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Abstract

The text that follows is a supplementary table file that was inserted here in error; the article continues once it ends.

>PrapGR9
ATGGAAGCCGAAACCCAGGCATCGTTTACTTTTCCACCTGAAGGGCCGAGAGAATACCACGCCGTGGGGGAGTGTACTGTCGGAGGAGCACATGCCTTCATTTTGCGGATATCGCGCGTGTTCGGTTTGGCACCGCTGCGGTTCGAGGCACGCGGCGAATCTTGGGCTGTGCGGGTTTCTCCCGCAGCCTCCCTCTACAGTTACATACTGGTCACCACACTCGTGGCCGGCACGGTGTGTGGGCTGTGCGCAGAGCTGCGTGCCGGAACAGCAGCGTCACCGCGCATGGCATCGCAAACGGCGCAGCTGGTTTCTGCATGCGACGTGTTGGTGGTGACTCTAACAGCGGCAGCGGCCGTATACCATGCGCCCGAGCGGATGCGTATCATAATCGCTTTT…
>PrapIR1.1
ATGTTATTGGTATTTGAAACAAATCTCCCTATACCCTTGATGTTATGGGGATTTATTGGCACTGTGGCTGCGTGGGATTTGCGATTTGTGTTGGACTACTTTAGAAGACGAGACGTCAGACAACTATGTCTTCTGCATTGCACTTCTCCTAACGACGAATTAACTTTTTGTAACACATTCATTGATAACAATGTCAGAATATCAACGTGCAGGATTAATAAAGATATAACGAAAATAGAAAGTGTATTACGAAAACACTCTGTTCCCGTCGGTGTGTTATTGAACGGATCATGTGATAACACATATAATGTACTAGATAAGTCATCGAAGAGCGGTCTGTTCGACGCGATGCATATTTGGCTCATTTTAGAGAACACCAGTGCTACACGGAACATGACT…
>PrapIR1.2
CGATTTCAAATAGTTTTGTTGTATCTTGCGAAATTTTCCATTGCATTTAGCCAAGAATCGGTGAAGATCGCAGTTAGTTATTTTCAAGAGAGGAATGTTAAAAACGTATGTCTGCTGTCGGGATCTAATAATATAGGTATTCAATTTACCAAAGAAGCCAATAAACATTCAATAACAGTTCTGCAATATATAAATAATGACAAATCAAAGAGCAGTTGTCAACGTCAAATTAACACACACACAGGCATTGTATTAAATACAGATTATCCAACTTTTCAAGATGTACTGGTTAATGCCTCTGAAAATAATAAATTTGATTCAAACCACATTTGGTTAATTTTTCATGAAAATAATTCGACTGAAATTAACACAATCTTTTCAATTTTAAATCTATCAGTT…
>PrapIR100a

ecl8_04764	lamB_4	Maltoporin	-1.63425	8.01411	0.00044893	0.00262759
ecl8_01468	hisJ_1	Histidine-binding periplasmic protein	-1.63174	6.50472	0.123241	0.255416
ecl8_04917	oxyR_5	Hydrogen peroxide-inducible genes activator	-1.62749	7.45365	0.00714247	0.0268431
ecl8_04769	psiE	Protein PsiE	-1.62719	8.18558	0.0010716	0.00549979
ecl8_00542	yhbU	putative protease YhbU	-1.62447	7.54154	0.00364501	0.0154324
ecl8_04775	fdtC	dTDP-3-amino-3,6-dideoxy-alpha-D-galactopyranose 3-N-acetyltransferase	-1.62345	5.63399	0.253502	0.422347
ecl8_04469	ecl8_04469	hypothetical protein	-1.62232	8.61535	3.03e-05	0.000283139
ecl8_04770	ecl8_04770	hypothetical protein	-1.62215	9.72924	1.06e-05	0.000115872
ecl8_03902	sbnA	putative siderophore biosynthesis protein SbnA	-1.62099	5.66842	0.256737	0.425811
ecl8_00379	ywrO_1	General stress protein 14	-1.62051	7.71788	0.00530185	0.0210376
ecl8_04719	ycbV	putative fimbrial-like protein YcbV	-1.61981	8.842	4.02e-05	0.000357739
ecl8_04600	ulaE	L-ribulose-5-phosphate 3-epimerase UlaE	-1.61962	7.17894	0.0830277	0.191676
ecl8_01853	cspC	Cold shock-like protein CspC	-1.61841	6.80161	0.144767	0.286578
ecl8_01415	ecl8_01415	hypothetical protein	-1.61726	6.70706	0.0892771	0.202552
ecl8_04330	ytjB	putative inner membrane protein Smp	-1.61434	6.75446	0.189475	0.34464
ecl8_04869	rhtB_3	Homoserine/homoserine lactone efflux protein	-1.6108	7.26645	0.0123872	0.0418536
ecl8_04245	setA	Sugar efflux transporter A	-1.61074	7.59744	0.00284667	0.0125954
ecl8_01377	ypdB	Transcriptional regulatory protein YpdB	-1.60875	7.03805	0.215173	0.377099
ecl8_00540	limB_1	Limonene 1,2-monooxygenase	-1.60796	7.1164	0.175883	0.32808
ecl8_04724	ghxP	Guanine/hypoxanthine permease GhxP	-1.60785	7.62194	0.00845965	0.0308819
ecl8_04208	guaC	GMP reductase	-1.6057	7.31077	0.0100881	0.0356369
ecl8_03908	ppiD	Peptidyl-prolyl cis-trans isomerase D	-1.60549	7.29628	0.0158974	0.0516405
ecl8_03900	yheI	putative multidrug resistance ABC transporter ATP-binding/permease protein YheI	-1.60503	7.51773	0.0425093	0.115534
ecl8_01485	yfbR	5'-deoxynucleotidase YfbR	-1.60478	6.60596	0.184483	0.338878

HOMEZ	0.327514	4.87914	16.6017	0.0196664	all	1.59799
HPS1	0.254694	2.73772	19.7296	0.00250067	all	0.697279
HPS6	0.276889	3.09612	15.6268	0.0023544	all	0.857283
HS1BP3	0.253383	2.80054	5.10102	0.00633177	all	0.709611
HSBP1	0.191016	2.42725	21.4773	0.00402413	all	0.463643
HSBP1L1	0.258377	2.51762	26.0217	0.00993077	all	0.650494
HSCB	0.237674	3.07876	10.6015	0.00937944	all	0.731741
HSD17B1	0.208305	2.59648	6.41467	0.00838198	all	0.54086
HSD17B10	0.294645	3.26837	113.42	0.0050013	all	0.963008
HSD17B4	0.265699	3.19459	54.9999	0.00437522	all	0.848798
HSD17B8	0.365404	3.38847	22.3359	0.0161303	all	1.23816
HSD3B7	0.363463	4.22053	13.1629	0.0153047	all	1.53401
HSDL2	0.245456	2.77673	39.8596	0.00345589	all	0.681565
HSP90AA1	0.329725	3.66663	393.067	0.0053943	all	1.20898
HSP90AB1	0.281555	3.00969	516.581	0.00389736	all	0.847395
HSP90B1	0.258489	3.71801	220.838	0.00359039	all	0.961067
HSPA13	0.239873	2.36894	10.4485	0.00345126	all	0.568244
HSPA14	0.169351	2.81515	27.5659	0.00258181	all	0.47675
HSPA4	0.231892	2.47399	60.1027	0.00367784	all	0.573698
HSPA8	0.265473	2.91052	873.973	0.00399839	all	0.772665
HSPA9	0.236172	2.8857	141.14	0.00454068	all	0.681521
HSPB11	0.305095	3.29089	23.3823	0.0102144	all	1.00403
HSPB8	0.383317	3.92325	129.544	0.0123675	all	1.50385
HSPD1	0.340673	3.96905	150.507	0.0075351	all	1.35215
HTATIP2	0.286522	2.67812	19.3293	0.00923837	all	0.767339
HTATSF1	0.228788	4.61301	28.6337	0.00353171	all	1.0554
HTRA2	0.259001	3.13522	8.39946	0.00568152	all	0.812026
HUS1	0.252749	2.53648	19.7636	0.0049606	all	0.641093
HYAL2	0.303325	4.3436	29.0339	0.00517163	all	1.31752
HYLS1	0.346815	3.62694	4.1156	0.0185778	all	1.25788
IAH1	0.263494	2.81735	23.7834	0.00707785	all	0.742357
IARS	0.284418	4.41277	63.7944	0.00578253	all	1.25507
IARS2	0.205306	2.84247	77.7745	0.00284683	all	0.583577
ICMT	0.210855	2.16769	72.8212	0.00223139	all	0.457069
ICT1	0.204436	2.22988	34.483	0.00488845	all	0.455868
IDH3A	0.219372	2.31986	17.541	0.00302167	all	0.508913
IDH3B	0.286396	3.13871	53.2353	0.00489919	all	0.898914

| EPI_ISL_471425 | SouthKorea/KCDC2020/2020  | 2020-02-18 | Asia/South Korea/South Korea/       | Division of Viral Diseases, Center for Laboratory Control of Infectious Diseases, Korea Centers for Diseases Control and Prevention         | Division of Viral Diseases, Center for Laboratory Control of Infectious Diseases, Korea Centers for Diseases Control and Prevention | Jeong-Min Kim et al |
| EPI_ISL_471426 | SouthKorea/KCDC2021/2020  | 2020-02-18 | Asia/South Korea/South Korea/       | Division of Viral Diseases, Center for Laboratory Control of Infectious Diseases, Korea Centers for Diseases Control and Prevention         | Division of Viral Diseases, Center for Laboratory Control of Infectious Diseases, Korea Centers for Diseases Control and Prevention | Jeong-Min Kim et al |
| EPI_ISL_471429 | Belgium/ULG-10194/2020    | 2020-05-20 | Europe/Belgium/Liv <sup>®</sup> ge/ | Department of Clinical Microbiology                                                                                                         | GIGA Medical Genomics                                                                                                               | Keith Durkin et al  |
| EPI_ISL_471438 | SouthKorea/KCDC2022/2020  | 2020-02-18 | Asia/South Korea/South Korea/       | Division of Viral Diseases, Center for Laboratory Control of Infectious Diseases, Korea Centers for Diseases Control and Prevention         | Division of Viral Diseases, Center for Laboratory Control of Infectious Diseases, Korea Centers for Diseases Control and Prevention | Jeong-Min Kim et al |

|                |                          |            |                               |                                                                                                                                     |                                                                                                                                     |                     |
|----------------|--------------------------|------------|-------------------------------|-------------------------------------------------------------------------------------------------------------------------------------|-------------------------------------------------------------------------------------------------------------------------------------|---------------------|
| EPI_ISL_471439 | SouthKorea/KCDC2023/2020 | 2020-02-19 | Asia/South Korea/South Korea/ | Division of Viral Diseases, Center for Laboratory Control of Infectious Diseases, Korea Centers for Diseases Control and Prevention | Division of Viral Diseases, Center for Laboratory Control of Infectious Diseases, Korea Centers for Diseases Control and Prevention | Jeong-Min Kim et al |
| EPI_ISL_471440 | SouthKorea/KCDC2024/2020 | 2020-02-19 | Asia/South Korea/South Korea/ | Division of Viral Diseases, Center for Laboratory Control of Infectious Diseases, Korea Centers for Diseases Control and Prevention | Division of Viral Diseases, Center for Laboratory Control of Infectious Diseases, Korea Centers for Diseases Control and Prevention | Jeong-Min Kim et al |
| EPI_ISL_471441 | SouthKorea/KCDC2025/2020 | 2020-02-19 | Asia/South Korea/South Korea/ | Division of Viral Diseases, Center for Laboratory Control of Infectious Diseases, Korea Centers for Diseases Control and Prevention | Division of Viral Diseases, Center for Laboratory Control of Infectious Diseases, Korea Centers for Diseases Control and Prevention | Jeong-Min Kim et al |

The paper argues that the distributive effects of technical change cannot be predicted except in the context of the institutional and social structure of the rural community, i.e. except in the context of a rural "system." Four kinds of considerations are seen to be fundamental to technology's ultimate impact on such systems: the characteristics of "abstract" technology (efficiency and factor intensity), the absolute magnitude and distribution of productive assets, the type and distribution of institutional services and local social customs and traditions. Technology, the distribution of assets and the distribution of institutional services are seen to determine the distribution of personal income. When coupled with traditional social customs, the distribution of personal income is transformed into the distribution of power. Three feedback loops complete the system: (1) the asset accumulation mechanism that links the distribution of income in time period t to the distribution of assets in period t + 1, (2) the distribution of power in period t that is assumed to influence the type and distribution of institutional services in period t + 1, and (3) the character of local customs and traditions that are assumed to be influenced by the characteristics of the technology and the distribution of assets with a lag of several periods. The analysis is made concrete by examining the effects of a particular innovation, the tubewell, on the distribution of income and power in rural communities of East and West Pakistan. It is concluded that the same technology, highly profitable and labor-using in both areas, will tend to strengthen the position of the dominant agricultural classes in Sahiwal District, West Pakistan and to weaken the position of the large farmer cum moneylender in Comilla, East Pakistan. The paper concludes with several generalizations about the characteristics of the various development situations that emerge when the weights of the four considerations in the system are varied. It is argued that the effectiveness of rural development policies and programs could be improved if they were based on more disaggregated typologies defined by different combinations of technology, asset distribution, institutional structure and traditional social organization.

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